Assignments are done in a very similar fashion:

number   = 30
isActive = true
name = "John"

Due to its dynamic typed nature, you don't need to write the data types yourself. There is no need for curly-braces or semi-colons, as it follows the Python's convention:

if isActive and isEnabled

The cool thing about CoffeeScript is its functions (I have mentioend it earlier), because you can write simple functions in a way as if you are writing a variable:

hello = (name = "Richard") ->
  console.log("Hello, #{name}!")
hello() # prints "Hello, Richard!"
hello("John") # prints "Hello, John!"


  • You get a huge amount of syntactic sugar features which not only increase the readability, but also allow you to enjoy the language more.
  • It uses indentation (new line) similar to Python rather than braces, so you will see a dramatic increase in readability.
  • No need to write a semicolon as the statement terminators, because they are optional.
  • You can write functions in lambda-like syntax, rather than classical C way, so if you ever loved functional programming features, then you will fall in love with CoffeeScript.
  • There is a huge community behind its development as many developers already moved to CoffeeScript.


  • It is dynamically typed just like Javascript, so it doesn't provide compile-time type safety on its own.
  • It has a larger learning curve, especially for someone who don't know the basics of web development.
  • In CoffeeScript, the syntax of variable initialization and reassignment is the same, so you can accidentally make the mistake.
  • The Javascript code isn't valid enough in CoffeeScript, so often its integration is difficult and takes effort.



2) TypeScript

If you are a fan of Microsoft, then you ought to know that they have created a superset of Javascript --- TypeScript, which simply adds the optional static typing and class-based object-oriented programming to the language. The cool thing about is that any Javascript will be valid in TypeScript, so you can easily integrate your old Javascript code, unlike the other transpiling languages that break the original Javascript!

So, what sets it apart from CoffeeScript? It may not be possible to understand it without seeing the code, so let's write some code in TypeScript!

You need to first install the TypeScript globally through npm:

$npm install -g typescript

TypeScript files are normally written in .ts files. So, create a file "main.ts" and write the following code:

var client: string = 'John',     // String 
    age: number = 16          // Numeric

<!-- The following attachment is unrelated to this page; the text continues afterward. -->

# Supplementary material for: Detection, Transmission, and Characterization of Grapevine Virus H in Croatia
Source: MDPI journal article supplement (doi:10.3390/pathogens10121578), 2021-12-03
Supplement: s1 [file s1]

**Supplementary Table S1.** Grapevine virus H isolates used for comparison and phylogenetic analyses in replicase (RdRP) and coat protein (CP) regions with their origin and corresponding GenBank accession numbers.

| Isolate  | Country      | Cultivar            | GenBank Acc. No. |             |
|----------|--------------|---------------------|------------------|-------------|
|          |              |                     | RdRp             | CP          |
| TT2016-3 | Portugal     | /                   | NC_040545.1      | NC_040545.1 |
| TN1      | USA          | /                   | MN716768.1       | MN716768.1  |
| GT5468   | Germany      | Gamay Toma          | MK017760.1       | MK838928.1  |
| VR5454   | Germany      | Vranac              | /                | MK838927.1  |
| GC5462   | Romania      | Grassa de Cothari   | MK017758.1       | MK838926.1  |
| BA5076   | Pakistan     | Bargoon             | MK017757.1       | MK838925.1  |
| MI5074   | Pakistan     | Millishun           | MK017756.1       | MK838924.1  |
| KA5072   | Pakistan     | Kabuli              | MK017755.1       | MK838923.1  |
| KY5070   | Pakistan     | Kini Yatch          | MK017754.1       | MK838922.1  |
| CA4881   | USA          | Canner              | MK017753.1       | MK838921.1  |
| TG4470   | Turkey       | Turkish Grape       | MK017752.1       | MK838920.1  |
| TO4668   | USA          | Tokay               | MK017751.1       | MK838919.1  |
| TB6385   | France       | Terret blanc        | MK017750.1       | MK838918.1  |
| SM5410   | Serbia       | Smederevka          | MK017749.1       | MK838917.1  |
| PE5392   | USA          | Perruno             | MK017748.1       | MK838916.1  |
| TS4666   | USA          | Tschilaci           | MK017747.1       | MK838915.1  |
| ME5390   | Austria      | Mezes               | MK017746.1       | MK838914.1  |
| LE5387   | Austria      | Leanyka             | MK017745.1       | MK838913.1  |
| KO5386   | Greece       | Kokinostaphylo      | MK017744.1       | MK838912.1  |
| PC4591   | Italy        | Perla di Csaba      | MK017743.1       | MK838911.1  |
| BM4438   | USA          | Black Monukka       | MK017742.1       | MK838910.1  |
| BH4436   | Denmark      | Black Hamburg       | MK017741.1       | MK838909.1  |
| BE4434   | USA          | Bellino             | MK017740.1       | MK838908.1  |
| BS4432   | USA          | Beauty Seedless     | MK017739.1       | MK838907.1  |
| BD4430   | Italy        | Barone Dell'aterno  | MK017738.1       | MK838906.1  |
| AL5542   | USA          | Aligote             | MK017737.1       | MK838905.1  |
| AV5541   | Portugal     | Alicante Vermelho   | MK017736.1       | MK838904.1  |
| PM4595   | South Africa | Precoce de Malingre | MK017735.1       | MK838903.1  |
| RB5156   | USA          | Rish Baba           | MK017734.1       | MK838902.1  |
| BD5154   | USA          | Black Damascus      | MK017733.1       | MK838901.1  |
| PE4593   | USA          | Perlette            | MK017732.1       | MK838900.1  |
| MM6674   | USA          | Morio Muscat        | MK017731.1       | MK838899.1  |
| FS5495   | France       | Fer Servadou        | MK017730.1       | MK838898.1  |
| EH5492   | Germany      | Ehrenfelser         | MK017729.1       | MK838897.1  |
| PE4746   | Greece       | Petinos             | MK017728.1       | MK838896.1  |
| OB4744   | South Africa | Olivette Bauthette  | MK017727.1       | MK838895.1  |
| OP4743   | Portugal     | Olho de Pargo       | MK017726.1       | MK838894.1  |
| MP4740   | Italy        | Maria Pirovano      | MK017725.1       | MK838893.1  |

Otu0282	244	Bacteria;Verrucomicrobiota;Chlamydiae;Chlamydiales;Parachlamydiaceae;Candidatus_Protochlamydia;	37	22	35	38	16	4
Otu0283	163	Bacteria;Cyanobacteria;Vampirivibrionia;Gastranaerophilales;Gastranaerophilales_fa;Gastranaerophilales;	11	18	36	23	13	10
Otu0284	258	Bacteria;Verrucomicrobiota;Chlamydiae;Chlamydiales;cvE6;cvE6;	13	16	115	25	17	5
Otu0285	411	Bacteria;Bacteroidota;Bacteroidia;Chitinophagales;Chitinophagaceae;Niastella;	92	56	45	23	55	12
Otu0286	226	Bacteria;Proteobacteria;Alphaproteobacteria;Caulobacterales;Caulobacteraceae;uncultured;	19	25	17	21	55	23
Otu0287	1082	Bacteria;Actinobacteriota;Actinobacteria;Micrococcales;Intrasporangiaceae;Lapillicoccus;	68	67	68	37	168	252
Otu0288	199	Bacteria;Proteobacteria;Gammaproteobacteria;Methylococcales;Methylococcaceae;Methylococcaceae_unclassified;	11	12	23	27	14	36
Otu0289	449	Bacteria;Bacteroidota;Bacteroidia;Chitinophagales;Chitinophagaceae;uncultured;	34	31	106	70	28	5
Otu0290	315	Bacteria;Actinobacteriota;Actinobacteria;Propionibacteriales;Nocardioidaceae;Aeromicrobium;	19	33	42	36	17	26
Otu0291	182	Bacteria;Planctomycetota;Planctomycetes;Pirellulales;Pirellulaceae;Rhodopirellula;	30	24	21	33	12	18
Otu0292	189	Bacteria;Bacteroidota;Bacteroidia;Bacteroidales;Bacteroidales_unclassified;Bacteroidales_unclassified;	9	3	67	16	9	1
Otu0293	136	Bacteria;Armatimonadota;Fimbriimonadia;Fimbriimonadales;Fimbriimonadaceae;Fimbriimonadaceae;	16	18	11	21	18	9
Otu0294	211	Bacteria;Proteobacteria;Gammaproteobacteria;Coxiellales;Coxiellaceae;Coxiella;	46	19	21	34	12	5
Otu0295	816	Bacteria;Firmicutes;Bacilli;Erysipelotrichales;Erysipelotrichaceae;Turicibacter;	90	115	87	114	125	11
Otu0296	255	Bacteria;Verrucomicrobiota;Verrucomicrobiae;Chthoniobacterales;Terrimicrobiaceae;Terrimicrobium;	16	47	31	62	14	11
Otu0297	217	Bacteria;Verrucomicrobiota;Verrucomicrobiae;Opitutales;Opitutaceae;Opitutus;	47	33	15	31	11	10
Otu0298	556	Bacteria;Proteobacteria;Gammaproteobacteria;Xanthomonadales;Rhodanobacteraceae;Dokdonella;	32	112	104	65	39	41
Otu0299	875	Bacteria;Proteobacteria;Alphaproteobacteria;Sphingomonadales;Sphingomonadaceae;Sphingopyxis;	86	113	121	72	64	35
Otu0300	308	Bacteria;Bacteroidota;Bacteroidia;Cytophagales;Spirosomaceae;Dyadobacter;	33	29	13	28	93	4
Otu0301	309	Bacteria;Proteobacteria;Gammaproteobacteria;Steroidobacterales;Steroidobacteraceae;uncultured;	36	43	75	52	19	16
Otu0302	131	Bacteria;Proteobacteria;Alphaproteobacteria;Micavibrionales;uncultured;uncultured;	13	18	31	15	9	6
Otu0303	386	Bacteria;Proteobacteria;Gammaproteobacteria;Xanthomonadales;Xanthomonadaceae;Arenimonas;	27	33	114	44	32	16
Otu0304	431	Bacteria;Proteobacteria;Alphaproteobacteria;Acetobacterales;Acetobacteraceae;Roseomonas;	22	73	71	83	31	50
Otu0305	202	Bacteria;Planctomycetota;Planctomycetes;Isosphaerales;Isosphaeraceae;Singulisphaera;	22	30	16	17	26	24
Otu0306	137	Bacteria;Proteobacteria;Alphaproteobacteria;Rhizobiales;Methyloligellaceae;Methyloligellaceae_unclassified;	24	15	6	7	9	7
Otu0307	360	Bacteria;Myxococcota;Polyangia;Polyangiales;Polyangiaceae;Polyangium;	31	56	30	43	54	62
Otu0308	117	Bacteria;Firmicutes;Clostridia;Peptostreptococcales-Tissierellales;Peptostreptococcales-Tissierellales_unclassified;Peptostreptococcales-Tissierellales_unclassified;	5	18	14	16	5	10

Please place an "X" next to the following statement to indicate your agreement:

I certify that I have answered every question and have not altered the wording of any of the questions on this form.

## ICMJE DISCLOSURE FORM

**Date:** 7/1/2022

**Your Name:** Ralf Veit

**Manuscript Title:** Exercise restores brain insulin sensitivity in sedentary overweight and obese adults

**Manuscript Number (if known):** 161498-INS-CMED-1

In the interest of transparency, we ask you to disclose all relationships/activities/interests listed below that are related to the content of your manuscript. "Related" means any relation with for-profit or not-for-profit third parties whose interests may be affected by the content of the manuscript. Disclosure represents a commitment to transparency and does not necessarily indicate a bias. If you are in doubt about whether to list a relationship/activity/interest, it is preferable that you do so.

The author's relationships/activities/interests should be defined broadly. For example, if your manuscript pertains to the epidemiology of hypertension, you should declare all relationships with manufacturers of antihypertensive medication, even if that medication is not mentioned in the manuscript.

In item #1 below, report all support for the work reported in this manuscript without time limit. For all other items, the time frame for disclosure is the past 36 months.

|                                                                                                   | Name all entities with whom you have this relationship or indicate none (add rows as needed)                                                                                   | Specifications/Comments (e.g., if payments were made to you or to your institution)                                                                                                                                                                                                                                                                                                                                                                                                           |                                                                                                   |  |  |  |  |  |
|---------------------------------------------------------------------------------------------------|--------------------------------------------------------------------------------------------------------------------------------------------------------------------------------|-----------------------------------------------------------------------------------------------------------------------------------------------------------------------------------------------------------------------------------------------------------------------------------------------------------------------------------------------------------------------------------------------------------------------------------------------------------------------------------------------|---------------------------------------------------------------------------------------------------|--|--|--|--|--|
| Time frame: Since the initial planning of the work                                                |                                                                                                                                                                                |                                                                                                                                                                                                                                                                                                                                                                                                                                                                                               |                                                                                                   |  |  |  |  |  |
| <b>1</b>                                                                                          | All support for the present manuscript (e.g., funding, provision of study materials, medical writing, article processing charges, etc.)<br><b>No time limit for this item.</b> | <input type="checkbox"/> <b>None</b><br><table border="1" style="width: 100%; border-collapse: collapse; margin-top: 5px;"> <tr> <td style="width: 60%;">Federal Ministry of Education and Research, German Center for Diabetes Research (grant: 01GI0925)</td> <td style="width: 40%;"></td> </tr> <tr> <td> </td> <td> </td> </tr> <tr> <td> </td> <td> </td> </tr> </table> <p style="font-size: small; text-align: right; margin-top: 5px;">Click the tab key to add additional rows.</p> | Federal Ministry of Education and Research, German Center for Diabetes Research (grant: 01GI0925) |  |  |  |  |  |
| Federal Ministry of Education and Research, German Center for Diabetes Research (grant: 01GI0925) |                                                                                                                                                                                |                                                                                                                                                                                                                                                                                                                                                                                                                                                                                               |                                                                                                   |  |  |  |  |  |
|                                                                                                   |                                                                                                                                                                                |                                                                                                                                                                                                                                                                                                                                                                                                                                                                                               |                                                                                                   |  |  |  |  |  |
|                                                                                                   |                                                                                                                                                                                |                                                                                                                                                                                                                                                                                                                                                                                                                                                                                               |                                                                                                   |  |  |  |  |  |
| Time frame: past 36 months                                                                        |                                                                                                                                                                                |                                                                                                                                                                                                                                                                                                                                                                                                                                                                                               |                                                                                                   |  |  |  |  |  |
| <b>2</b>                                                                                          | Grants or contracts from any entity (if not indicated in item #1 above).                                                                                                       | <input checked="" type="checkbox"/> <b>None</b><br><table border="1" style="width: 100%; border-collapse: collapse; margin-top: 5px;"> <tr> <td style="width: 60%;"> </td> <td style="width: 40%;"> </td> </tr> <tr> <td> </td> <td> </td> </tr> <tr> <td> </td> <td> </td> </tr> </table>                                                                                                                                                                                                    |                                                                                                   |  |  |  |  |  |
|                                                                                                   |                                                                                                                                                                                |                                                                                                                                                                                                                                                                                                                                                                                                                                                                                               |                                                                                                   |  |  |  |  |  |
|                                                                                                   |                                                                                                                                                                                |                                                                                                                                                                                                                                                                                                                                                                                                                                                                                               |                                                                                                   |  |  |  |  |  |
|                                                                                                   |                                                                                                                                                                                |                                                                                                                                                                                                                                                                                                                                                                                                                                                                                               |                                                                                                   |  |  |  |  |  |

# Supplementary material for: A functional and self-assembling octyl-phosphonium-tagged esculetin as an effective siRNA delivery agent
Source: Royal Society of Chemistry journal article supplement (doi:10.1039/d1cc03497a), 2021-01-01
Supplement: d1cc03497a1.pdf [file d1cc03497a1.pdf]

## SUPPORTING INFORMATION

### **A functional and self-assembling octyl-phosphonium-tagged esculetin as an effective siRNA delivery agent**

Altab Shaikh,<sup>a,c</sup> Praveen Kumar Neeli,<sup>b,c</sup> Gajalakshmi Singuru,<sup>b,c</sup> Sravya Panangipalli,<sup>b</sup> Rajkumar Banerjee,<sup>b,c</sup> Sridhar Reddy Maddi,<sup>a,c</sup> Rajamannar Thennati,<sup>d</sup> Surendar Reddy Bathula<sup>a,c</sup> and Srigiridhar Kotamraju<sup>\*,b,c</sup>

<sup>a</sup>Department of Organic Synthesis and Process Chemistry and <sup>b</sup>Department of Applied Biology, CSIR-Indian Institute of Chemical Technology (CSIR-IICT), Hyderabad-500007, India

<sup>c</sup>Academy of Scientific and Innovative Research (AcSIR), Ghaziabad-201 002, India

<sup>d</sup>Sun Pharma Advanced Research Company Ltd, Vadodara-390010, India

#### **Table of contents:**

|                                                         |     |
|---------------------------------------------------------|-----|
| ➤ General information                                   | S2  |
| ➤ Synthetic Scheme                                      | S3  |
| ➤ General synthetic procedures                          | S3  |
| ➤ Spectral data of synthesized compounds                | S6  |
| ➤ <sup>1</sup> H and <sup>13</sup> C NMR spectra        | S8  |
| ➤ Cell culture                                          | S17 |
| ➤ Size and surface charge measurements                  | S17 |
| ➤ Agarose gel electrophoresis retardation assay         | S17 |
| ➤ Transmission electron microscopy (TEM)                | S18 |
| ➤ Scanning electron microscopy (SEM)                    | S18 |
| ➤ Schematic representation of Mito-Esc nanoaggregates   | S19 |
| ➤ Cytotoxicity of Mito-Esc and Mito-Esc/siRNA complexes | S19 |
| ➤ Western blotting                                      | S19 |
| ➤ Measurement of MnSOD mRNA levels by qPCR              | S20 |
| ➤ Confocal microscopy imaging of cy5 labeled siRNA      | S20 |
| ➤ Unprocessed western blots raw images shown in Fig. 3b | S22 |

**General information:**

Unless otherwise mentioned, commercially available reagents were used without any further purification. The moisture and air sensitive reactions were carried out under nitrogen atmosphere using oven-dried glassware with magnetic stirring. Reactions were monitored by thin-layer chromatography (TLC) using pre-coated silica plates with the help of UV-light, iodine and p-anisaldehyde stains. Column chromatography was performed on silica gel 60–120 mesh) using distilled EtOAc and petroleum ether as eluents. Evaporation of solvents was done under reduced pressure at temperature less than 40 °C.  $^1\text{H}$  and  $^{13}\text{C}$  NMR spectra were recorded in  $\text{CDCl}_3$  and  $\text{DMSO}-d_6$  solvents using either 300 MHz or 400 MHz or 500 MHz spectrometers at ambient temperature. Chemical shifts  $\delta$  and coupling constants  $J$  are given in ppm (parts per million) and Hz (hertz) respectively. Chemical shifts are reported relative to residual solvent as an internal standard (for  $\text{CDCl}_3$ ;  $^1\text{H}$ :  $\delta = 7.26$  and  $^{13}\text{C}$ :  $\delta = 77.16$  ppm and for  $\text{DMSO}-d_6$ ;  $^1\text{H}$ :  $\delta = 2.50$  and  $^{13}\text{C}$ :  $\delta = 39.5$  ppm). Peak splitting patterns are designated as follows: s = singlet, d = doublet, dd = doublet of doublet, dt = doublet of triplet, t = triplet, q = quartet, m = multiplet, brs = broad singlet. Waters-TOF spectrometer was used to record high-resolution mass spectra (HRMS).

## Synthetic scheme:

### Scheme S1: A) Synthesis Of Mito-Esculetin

function speak(name: string, age: number): void {
  console.log(name + "'s age is " + age);
speak(client, age);

Now run the following command

$tsc main.ts

It will translate the TypeScript code to Javascript (main.js) code, which you can see by opening the file on the broswer.

So, now let's talk about its features!

As I have mentioned earlier that TypeScript has static-typing, so for example, if you see the compiled Javascript code in our previous example, you will see that it doesn't have any static typing as Javascript doesn’t have it!

TypeScript has added the class-based OOP features in a fashion of Java, as people already understands the Java pretty well:

class Menu {
  items: Array<string>; 
  pages: number;

  // Simple Constructor in a fashion of Java
  constructor(listofitems: Array<string>, totalnoofpages: number) {
    this.items = listofitems;    
    this.pages = totalnoofpages;

  list(): void {
    for(var i=0; i<this.items.length; i++) {


var usefulMenu = new Menu(["apple","orange","banana"], 1);

Here, you can see how easy it is to create a new class with a constructor and the list that does the operation within it


  • Every piece of Javascript code is a valid TypeScript code which means these two languages integrate better than other languages.
  • It follows the future ES6 Javascript standard, so the knowledge can be reused in building modern Javascript applications.
  • It can run on the server through Node.js
  • As it is developed by Microsoft, it chose to follow the syntax and direction of C#, so you will love this language if you are used to C#.
  • It has static typing unlike CoffeeScript, so you get better compile-check, plus you also get better support on Visual Studio.


  • C#-like syntax may not be suitable for many programmers who prefer Ruby-like syntax of CoffeeScript.
  • It is not 100% compatible with ES6 yet, especially when compared to Babel



3) Babel (ES6 to ES5)